Teen Angst, On Stage

Being a teen is hard. All those emotions coursing through you. All these changes you don’t understand. Your parents don’t understand you. Your body is doing strange things. No matter what you do, you seem to fuck it up. But you can always sing about it.

That seems to be the central idea of “Spring Awakening, the musical we saw last night at the Ahamanson Theatre. “Spring Awakening” was originally written as a play (Frühlings Erwachen) in 1891 by Frank Wedekind. It was rarely performed because of its controversial nature. The story concerns a bunch of German teens coming into their sexuality. There are three principle characters: Melchior Gabor (Kyle Riabko) is handsome, 14 years old, an atheist and rebel, and knows about sex. Wendla Bergmann (Christy Altomare) is a 14 year old girl who knows nothing about where babies come from, other than what her mother has told her — you love your husband very much. Moritz Stiefel (Blake Bashoff) is confused about his sexual awakening, a poor student, and in many ways a lost soul. The other characters are primarily the schoolmates and friends of these three: Ilse (Steffi D), a carefree spirit who ran away from home; Thea (Kimiko Glenn), Anna (Gabrielle Garza), and Martha (Sarah Hunt), childhood friends of Wendela, the latter being subjected to physical abuse at home; Hänschen (Andy Mientus) & Ernst (Ben Moss), two classmates of Mechior who are discovering they are gay; and Otto (Anthony Lee Medina) and Georg (Matt Shingledecker), two classmates of Mechior.

The story begins with Wendela asking her mother where babies come from. Her mother (all of the adult women were played by Angela Reed) can’t bring herself to tell her, and simply says you need to love her huband. We’re then introduced to the boys school where we meet Moritz (who is having trouble), and Mechior, his best friend. Mechior helps him not only in school, but writes a 10 page illustrated essay about sex. But Moritz is borderline, is disliked by the administrators (all male adult roles are played by Henry Stram), who conspire to fail him. Meanwhile, Melchior and Wendela start to fall for each other. By the end of the first act, Moritz is expelled, and Mechior and Wendela are having a tryst in a hayloft. The results of this come back to bite them in the second act. I don’t want to spoil everything (you can read the full synopsis at Wikipedia), but let’s just say it doesn’t end well.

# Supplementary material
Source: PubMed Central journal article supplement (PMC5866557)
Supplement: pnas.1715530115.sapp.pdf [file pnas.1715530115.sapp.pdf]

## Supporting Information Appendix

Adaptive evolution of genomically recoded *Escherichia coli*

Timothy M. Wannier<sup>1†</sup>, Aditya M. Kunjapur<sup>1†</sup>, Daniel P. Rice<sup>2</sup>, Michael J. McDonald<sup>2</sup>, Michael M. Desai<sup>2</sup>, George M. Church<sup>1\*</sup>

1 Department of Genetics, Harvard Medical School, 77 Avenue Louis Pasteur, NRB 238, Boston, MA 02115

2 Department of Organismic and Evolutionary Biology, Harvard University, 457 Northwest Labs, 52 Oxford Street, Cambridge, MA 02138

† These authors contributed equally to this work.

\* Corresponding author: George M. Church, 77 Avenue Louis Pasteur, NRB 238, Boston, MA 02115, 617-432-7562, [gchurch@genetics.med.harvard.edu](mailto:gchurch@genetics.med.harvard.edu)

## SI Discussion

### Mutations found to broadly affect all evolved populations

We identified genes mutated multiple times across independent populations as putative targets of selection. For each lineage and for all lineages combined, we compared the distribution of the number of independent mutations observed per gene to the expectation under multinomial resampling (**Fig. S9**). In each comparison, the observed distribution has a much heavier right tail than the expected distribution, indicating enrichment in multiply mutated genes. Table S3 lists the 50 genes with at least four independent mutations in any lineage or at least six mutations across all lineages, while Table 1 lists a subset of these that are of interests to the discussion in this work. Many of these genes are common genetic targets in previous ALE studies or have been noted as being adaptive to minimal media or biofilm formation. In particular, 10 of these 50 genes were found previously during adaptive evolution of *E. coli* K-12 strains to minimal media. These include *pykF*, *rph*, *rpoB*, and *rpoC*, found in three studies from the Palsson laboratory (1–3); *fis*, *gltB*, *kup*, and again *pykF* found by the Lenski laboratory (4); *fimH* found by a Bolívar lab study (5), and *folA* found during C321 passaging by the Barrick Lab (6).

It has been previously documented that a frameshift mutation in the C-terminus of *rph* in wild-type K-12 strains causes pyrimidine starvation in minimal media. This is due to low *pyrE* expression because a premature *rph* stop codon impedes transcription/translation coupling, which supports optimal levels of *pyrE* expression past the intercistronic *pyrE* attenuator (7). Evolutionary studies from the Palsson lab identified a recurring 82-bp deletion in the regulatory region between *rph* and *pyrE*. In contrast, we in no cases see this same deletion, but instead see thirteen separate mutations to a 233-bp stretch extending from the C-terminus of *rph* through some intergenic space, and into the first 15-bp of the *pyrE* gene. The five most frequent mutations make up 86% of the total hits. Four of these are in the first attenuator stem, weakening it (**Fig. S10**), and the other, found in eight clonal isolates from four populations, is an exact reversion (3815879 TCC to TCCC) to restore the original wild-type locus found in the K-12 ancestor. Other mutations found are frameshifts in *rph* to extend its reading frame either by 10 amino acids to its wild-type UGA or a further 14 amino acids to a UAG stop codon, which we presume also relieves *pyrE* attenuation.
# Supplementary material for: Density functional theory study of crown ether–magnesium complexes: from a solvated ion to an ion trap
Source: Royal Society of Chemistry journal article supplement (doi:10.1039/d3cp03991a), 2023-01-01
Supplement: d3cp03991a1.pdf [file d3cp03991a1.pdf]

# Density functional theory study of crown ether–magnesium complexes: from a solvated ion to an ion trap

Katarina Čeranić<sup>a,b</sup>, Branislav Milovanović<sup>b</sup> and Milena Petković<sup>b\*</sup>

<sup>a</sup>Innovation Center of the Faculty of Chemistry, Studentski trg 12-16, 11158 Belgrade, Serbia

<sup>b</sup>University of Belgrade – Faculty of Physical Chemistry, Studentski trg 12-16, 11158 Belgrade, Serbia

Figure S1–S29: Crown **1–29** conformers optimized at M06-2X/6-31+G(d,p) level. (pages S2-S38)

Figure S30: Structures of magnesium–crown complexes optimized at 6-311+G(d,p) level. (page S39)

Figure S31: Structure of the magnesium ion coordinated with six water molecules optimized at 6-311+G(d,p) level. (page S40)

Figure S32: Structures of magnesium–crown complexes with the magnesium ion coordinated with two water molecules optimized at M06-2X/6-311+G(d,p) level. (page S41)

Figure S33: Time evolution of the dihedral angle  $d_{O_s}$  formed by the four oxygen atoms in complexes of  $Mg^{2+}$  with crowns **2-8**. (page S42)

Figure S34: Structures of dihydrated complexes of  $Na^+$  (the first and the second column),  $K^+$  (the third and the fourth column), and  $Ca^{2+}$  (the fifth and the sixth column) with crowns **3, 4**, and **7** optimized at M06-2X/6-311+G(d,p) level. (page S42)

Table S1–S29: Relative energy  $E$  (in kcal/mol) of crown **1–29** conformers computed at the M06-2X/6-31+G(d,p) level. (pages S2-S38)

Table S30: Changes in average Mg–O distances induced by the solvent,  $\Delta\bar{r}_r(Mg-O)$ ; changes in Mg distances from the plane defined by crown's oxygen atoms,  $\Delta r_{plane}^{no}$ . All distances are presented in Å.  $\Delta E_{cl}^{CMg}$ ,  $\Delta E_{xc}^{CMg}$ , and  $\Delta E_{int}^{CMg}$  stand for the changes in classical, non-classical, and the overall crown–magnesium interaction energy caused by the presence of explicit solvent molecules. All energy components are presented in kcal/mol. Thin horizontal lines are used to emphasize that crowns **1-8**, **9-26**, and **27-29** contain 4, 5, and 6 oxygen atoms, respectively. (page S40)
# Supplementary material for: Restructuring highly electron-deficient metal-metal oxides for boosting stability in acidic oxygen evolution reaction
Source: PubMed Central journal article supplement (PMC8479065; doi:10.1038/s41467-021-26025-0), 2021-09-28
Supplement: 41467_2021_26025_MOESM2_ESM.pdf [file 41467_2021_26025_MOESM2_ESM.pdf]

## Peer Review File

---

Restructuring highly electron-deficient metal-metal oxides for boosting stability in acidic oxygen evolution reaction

What makes “Spring Awakening” unique is its staging, under the direction of Michael Mayer. In the midst of this old German story (and they keep it in that period), modern microphones come out and the adolescent actors sing strong rock songs and ballads that reflect the inner turmoil and angst of their characters. These are remarkable strong strong songs (lyrics by Steven Sater, who also adapted the book; music by Duncan Sheik) that convey raw emotion (just look at the titles: “Totally Fucked”, “The Bitch of Living”). The set (designed by Christine Jones) is this big open box (with audience seating on the sides) — but it too is raw, with no real scenery or props, other than the occasional chair. The lighting too is raw (lighting design by Kevin Adams): moving lights, raw blue florescents hanging by wires, red orange and yellow florescent tubes, on stage and behind, with only an occasional spot from the front. The sound (designed by Brian Ronan) is equally raw and pulsing. In fact, if you had to characterize this show in two words, it would be raw angst. It comes at you, it screams at you, and it leaves you limp and applauding at the end.